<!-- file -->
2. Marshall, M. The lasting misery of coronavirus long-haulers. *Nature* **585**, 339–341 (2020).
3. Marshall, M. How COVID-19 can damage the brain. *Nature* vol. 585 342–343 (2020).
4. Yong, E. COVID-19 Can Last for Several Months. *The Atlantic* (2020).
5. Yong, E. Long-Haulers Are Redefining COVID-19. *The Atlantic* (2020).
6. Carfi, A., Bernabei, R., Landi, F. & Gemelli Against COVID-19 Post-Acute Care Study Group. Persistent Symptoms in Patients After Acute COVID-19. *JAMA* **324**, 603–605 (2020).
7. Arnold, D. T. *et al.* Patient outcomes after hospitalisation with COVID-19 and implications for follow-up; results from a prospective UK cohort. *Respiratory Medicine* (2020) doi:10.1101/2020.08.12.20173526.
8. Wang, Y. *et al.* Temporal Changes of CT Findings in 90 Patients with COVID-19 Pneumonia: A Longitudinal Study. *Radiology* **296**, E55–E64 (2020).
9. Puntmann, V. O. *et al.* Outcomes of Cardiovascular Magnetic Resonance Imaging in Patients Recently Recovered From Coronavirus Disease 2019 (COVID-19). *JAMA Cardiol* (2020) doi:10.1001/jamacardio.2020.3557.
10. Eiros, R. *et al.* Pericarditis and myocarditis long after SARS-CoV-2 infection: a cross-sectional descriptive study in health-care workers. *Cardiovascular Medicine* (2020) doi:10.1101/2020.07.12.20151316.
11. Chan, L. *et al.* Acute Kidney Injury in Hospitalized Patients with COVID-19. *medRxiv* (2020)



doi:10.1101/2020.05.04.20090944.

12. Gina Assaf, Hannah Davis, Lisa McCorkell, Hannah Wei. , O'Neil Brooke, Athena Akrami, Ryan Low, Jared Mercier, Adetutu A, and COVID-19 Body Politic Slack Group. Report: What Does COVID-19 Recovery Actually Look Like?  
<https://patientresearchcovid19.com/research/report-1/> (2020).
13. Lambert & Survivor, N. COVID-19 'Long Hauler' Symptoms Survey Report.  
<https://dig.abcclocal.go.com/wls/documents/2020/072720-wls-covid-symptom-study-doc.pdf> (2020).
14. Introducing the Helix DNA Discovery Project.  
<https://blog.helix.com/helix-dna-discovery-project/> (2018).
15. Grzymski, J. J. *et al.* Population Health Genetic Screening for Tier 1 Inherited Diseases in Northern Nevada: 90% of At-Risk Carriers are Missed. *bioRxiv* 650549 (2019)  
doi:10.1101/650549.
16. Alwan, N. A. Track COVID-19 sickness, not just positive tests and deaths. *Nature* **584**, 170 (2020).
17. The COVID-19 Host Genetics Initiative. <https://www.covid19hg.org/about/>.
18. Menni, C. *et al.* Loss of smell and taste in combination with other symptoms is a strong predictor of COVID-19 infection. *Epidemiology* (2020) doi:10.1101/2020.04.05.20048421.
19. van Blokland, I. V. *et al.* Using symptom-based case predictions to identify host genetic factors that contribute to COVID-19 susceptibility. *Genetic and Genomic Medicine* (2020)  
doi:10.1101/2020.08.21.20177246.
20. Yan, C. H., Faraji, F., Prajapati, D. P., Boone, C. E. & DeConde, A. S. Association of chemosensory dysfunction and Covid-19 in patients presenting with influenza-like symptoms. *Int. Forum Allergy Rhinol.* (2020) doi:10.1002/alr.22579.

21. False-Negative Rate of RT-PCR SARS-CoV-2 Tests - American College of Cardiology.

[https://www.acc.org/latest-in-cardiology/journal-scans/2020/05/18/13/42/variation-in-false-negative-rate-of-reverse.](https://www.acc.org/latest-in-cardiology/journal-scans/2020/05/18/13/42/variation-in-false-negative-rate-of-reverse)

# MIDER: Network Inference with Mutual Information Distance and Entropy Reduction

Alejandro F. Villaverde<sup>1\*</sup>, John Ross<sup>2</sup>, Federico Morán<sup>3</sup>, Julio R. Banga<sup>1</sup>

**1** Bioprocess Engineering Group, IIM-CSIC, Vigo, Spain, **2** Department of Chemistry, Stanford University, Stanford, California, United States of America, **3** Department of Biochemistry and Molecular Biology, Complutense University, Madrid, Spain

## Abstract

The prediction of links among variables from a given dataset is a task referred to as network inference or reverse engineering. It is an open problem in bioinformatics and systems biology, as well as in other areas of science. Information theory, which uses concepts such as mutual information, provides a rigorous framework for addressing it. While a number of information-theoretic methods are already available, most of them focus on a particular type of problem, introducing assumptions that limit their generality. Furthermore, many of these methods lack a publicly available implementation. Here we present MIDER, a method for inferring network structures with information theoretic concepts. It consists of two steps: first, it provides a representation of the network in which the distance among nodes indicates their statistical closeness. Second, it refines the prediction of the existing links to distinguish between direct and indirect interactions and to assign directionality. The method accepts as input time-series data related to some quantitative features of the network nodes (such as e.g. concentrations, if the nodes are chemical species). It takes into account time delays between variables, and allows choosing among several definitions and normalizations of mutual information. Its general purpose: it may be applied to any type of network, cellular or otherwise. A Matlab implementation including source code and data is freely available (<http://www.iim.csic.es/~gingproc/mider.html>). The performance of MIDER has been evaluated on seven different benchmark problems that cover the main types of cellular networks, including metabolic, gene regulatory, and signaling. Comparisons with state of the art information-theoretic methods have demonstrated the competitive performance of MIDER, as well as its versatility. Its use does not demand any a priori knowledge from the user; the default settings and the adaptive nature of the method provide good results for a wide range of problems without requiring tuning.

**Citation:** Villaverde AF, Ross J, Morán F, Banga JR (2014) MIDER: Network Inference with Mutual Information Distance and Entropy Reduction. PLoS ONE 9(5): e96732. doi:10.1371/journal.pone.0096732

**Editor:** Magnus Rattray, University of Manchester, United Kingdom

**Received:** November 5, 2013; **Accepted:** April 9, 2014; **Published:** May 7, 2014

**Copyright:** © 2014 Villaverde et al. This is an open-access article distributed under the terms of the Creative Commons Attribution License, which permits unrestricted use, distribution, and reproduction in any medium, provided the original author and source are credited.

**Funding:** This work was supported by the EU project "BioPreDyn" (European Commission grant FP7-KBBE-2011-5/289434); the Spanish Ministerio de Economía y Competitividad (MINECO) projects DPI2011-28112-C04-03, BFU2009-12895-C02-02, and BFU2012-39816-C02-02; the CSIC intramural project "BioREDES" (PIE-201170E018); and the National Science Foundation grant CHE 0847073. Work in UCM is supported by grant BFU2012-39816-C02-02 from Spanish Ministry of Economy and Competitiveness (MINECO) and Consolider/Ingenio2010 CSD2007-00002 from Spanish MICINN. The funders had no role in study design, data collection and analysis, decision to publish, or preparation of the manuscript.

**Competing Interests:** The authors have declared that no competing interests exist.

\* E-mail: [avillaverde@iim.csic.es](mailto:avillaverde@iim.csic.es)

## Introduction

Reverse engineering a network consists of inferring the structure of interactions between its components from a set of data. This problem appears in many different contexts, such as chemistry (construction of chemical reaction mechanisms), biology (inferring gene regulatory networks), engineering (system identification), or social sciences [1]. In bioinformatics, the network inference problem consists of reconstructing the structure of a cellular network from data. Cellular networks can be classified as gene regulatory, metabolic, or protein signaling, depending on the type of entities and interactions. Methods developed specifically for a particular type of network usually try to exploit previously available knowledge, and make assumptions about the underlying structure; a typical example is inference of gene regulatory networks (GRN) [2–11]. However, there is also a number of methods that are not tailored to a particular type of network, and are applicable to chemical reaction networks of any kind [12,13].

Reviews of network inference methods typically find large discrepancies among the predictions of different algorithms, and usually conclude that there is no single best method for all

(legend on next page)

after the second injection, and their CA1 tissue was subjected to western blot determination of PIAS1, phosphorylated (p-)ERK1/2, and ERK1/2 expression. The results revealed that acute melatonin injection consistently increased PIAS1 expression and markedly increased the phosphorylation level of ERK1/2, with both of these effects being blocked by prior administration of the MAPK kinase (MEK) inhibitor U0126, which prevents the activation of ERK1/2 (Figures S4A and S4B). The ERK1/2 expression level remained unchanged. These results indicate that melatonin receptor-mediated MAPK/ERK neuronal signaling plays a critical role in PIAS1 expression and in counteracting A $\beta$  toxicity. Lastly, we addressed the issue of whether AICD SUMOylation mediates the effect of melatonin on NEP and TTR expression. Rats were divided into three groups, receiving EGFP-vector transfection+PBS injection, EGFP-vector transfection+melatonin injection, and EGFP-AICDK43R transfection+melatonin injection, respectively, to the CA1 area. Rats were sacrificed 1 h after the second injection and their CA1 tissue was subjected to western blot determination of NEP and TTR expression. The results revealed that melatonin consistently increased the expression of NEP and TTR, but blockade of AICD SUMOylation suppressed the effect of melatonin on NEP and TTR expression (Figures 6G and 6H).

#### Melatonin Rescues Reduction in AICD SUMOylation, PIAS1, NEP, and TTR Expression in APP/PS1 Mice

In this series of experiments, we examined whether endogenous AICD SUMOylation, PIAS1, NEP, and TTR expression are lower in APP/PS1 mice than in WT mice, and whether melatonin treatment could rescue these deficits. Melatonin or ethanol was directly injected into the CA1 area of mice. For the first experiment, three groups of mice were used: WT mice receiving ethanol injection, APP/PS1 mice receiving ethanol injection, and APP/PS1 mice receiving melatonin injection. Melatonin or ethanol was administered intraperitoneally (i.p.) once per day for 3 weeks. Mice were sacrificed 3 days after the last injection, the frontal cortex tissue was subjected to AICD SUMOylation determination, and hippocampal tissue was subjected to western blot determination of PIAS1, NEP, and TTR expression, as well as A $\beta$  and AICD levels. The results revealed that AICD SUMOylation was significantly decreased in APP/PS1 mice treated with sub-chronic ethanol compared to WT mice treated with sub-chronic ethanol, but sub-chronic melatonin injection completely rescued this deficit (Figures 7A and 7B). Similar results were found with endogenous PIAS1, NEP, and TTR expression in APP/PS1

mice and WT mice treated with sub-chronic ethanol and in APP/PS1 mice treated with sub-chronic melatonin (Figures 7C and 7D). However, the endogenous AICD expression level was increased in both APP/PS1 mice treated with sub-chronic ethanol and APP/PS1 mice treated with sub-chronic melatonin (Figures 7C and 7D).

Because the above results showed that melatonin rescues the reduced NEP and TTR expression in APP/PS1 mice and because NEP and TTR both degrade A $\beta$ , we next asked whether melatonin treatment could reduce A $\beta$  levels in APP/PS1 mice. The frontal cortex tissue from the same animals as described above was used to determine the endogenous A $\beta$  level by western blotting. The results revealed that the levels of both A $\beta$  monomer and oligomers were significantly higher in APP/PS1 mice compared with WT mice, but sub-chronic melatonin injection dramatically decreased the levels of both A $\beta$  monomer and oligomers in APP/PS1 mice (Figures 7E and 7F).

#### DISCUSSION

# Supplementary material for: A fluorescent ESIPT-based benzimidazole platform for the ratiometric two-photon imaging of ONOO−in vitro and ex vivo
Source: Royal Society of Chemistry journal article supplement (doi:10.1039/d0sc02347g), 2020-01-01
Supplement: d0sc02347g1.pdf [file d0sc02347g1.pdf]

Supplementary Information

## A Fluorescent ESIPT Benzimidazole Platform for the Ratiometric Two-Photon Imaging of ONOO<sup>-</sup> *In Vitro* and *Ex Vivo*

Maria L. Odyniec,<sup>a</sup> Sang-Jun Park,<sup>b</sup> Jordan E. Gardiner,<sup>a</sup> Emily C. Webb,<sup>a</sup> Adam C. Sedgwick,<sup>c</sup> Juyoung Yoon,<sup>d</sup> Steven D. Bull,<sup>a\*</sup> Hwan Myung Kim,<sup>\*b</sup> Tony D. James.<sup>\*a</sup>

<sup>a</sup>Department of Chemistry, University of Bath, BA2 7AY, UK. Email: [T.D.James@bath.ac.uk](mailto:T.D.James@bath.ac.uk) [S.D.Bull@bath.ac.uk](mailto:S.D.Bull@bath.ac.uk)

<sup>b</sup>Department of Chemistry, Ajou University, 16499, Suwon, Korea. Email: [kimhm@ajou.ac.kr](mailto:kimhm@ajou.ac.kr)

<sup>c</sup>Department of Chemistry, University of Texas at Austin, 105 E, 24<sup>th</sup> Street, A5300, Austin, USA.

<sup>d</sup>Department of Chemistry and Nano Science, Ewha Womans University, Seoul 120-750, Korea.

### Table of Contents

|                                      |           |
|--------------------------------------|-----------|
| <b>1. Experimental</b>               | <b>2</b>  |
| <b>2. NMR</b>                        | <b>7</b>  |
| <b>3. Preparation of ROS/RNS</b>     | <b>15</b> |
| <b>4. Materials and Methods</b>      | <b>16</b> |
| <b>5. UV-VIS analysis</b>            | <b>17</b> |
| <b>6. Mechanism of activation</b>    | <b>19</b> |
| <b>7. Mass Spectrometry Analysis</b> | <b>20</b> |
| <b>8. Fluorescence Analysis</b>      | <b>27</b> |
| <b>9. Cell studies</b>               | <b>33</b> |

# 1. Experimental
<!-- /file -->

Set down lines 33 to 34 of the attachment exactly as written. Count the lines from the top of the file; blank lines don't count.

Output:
**Citation:** Villaverde AF, Ross J, Morán F, Banga JR (2014) MIDER: Network Inference with Mutual Information Distance and Entropy Reduction. PLoS ONE 9(5): e96732. doi:10.1371/journal.pone.0096732

**Editor:** Magnus Rattray, University of Manchester, United Kingdom